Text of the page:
The Romance of American Psychology: Political Culture in the Age of Experts

By Commons, Michael L | American Journal of Psychotherapy, Spring 1997 | Go to article overview

The Romance of American Psychology: Political Culture in the Age of Experts


Commons, Michael L, American Journal of Psychotherapy


ELLEN HERMAN: The Romance of American Psychology: Political Culture in the Age of Experts: University of California Press, Berkeley, CA, 1995, 406 pp., $35.00 (hard cover) ISBN 0-520-08598-1; $16.95 (pbk.), ISBN 0-520-20703-2.

The Romance of American Psychology reveals what some call a dirty secret and others call common, but rarely written-about knowledge. The book reviews with great clarity the financing during World War I and World War II of much clinical and experimental psychology and psychiatry by the military. Critical questions are asked: Did this funding corrupt the researchers and affect research outcomes by placing them inside of the military industrial complex? How did policy research develop and what were some of the pitfalls? How did the need for strong armed forces lead to research and resultant policy changes in the society at large in such areas as discrimination, education, and poverty?

Introductory chapters present Herman's way of seeing the issues as a whole. A number of subsequent chapters summarize the contributions to psychology and psychiatry that have resulted from defense funding of psychology research. Beginning in World War I, psychological intelligence tests were introduced. The results of these studies shocked the military, leading to an abiding interest in improving the quality of recruits and draftees. Many of the readers of this journal may know that by World War II, psychological tests were extensively used for screening, selecting, and assigning service people. Test-based screening is now widely used in most employment situations.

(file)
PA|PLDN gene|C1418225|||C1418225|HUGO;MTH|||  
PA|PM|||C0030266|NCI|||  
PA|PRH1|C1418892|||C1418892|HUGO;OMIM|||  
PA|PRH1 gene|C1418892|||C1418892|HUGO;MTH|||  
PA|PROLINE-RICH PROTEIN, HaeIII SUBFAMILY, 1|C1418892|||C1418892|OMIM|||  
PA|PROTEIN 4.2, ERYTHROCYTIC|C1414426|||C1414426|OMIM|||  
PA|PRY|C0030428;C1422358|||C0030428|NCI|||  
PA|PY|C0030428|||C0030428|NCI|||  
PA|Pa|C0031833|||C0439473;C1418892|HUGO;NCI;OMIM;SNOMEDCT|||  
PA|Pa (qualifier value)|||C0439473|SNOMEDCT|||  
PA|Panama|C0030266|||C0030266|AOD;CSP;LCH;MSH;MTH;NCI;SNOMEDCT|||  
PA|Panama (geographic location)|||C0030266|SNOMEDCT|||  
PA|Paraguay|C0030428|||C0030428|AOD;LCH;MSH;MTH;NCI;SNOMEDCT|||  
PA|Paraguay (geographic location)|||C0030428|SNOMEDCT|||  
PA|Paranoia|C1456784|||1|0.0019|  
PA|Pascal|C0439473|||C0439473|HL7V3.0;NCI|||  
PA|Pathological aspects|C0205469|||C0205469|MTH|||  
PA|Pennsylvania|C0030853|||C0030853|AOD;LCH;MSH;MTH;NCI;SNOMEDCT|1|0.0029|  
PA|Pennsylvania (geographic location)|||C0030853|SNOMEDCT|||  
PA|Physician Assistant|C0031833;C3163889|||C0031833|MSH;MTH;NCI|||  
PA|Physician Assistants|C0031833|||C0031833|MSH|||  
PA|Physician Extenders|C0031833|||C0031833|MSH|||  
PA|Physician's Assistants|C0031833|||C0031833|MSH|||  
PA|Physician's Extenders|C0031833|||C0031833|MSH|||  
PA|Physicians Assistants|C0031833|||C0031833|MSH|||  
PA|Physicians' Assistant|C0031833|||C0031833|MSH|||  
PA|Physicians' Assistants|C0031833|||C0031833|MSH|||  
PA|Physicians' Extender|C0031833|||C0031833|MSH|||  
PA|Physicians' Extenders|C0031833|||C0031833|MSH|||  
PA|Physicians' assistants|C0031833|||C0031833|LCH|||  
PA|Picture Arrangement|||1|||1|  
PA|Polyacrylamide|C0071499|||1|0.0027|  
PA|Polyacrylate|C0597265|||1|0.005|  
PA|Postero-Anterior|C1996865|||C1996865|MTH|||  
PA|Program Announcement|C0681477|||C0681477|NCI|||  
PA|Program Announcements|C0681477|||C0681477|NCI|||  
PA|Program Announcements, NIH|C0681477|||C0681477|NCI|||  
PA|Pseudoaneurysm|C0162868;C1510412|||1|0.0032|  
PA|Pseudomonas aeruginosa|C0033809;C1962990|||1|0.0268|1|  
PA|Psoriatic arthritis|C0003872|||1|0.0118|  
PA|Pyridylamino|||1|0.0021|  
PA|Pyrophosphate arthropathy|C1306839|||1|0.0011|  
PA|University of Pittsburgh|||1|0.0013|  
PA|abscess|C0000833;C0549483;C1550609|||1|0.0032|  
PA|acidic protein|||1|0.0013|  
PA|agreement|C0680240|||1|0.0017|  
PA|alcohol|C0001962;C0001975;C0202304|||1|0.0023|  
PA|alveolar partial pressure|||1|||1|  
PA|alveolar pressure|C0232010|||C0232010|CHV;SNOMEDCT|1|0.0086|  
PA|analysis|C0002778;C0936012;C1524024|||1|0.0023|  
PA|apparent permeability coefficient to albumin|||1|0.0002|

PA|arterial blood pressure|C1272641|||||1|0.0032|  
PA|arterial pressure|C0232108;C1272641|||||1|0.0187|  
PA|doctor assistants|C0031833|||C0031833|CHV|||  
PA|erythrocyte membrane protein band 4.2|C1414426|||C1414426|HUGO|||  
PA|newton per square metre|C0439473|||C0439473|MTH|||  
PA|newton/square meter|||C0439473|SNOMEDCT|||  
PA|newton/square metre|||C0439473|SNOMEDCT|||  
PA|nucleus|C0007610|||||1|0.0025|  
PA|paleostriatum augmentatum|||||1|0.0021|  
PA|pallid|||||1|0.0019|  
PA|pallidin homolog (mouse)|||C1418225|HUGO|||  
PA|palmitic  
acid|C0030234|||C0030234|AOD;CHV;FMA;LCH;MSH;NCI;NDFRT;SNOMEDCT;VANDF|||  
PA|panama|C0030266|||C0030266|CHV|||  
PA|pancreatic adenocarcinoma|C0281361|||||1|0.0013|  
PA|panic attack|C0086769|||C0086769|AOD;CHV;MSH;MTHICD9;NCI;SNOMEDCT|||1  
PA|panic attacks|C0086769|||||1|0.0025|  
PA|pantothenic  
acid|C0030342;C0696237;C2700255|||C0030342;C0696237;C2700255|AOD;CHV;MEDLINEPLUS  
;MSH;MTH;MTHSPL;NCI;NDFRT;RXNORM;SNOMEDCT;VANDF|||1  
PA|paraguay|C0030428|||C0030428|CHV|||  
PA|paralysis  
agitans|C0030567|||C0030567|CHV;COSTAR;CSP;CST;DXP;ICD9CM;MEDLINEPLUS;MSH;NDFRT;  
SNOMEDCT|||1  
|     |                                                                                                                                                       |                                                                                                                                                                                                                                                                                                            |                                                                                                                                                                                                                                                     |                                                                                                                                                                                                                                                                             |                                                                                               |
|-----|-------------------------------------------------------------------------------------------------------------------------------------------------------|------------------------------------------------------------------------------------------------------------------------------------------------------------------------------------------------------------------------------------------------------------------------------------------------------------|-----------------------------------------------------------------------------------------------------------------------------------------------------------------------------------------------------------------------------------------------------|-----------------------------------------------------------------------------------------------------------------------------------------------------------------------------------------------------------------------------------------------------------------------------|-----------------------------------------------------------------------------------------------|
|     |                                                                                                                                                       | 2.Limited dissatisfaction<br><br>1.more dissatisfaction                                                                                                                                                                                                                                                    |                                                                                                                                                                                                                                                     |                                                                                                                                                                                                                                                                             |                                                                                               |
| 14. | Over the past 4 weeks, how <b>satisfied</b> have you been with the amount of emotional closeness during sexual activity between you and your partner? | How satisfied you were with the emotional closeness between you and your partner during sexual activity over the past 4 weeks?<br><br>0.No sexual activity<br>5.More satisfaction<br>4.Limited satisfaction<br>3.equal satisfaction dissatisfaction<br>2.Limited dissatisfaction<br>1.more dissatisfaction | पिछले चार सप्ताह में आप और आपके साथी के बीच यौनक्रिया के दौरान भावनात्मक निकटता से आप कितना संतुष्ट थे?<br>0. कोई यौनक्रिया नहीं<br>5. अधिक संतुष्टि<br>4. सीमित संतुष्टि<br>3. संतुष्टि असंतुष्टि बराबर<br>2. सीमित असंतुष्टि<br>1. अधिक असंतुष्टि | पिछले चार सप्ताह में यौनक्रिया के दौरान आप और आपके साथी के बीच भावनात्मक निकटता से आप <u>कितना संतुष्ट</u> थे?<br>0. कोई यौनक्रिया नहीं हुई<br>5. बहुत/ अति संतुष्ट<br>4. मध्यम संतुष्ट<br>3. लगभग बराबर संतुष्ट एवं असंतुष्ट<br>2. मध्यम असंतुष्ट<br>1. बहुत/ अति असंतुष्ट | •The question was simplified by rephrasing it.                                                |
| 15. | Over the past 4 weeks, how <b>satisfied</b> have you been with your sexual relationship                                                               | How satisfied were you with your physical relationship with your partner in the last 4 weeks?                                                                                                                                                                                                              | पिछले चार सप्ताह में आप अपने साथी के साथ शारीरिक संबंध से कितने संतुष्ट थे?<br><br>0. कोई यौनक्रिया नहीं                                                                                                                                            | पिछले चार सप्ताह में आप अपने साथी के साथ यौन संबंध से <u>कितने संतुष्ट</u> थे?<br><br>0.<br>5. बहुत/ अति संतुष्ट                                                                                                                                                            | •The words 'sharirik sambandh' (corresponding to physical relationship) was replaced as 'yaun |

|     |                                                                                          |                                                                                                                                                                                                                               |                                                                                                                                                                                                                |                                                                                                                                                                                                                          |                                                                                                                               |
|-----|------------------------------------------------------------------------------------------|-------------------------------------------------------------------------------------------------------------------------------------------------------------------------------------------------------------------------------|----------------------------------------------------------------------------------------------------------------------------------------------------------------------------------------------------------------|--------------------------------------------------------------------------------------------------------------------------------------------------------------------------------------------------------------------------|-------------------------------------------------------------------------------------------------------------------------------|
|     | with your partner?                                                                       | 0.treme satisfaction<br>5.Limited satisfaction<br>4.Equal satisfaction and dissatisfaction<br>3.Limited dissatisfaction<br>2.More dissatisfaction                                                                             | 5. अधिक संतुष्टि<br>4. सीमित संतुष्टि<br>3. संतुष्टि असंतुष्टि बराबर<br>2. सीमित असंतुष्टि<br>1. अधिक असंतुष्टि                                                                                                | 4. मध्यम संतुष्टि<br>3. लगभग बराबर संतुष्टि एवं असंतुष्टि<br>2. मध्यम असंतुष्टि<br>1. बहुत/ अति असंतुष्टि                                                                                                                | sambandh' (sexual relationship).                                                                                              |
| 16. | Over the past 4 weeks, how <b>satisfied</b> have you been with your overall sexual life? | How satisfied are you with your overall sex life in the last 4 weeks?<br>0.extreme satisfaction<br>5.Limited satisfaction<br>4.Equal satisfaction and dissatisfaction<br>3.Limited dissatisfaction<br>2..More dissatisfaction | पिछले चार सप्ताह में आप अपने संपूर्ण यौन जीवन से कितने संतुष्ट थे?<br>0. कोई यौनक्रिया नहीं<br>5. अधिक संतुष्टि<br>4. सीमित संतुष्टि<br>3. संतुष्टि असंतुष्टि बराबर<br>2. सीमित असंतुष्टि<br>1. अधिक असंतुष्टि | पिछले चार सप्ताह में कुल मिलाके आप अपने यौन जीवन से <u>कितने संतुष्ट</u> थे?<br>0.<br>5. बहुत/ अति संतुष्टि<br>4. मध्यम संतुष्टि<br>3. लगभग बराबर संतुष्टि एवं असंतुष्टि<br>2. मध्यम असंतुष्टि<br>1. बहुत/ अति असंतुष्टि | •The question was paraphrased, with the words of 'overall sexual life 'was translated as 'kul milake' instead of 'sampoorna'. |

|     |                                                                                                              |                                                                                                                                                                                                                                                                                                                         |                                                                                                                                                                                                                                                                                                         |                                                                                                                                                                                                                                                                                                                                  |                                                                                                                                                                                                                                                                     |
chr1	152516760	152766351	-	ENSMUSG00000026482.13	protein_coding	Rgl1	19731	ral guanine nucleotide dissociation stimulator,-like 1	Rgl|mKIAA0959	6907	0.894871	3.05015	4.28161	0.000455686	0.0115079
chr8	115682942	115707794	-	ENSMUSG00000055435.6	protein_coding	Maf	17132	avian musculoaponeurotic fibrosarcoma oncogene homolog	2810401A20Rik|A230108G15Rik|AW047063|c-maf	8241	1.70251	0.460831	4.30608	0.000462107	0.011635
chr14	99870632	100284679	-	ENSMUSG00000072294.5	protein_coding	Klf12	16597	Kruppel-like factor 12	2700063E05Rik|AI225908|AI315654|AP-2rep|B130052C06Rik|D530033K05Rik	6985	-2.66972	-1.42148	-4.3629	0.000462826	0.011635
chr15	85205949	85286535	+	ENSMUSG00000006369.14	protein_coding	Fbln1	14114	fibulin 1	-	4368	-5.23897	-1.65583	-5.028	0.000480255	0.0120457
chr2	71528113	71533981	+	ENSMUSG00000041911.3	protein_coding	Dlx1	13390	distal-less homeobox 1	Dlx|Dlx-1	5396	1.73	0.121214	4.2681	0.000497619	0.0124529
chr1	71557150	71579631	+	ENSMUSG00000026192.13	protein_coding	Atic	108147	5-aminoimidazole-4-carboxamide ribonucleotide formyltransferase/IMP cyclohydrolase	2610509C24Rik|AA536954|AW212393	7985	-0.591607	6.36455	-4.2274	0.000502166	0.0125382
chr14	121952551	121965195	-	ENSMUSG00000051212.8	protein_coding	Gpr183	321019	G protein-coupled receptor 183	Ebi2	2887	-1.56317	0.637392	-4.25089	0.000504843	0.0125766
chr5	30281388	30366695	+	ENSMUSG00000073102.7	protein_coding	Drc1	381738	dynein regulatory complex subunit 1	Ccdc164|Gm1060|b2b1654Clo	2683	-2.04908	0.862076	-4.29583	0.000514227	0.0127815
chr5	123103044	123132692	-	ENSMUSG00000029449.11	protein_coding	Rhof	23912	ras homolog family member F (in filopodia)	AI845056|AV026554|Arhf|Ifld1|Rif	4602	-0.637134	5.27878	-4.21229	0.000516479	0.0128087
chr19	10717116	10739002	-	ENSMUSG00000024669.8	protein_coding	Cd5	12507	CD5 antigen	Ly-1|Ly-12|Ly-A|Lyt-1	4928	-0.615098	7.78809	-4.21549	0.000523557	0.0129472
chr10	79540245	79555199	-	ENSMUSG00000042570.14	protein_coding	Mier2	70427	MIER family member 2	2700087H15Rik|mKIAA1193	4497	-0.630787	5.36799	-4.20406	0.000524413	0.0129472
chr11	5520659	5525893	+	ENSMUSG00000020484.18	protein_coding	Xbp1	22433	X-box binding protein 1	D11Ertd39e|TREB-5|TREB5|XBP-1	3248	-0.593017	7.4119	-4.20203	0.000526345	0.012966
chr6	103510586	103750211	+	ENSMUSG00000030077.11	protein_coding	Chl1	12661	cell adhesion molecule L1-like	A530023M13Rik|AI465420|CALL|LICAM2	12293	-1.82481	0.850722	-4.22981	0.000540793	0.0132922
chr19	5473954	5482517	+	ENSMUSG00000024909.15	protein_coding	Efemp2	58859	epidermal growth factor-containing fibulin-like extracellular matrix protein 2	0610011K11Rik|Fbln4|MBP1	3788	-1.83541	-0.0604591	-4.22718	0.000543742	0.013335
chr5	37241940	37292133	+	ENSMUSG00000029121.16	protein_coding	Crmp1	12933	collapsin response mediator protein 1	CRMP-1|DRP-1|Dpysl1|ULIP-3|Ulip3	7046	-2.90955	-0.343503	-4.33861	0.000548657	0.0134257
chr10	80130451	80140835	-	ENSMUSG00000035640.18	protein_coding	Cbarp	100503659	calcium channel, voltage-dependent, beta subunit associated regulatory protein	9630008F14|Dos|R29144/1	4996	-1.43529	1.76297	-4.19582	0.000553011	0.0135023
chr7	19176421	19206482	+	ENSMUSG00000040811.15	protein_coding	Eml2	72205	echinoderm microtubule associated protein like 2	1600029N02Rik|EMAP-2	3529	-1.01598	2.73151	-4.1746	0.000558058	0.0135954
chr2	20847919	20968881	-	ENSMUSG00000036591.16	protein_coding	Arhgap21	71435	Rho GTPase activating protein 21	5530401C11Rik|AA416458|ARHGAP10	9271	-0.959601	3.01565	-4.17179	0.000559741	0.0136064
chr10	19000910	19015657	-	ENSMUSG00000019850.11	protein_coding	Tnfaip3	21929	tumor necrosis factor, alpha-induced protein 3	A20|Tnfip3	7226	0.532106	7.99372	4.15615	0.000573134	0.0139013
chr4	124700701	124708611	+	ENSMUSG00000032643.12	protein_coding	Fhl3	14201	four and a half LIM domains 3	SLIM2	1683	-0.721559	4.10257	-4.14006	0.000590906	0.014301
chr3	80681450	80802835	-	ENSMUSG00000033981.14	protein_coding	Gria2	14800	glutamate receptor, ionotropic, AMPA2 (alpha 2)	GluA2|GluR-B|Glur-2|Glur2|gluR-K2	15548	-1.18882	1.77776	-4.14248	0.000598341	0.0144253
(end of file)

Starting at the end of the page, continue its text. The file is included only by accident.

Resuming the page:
A second contribution developed out of the work with "shell-shocked" soldiers. What clinicians first thought of as just shell-shock came to be seen as a group of related character, personality, and anxiety disorders, including PTSD and borderline personality disorder with their accompanying depression, all of which are now thought to be caused by trauma during development. Military work with shell-shocked soldiers was one major factor leading to the demand and growth for clinical practice throughout society.

A third impact of defense-related support has been on basic experimental psychological research, There is no question that the Office of Naval Research (ONR) and Advanced Research Projects Agency (ARPA) were instrumental in providing money for much outstanding psychological research ever performed. Certain fields, such as psychophysics, signal-detection theory, color theory, and scaling, acknowledge the Defense Department as the funding source. Curiously, although the book points out how much was discovered under the sponsorship of the Defense Department, much of the research was so basic, that it would be hard to imagine a quick application. …

The rest of this article is only available to active members of Questia

Sign up now for a free, 1-day trial and receive full access to:

  • Questia's entire collection
  • Automatic bibliography creation
  • More helpful research tools like notes, citations, and highlights
  • Ad-free environment

Already a member? Log in now.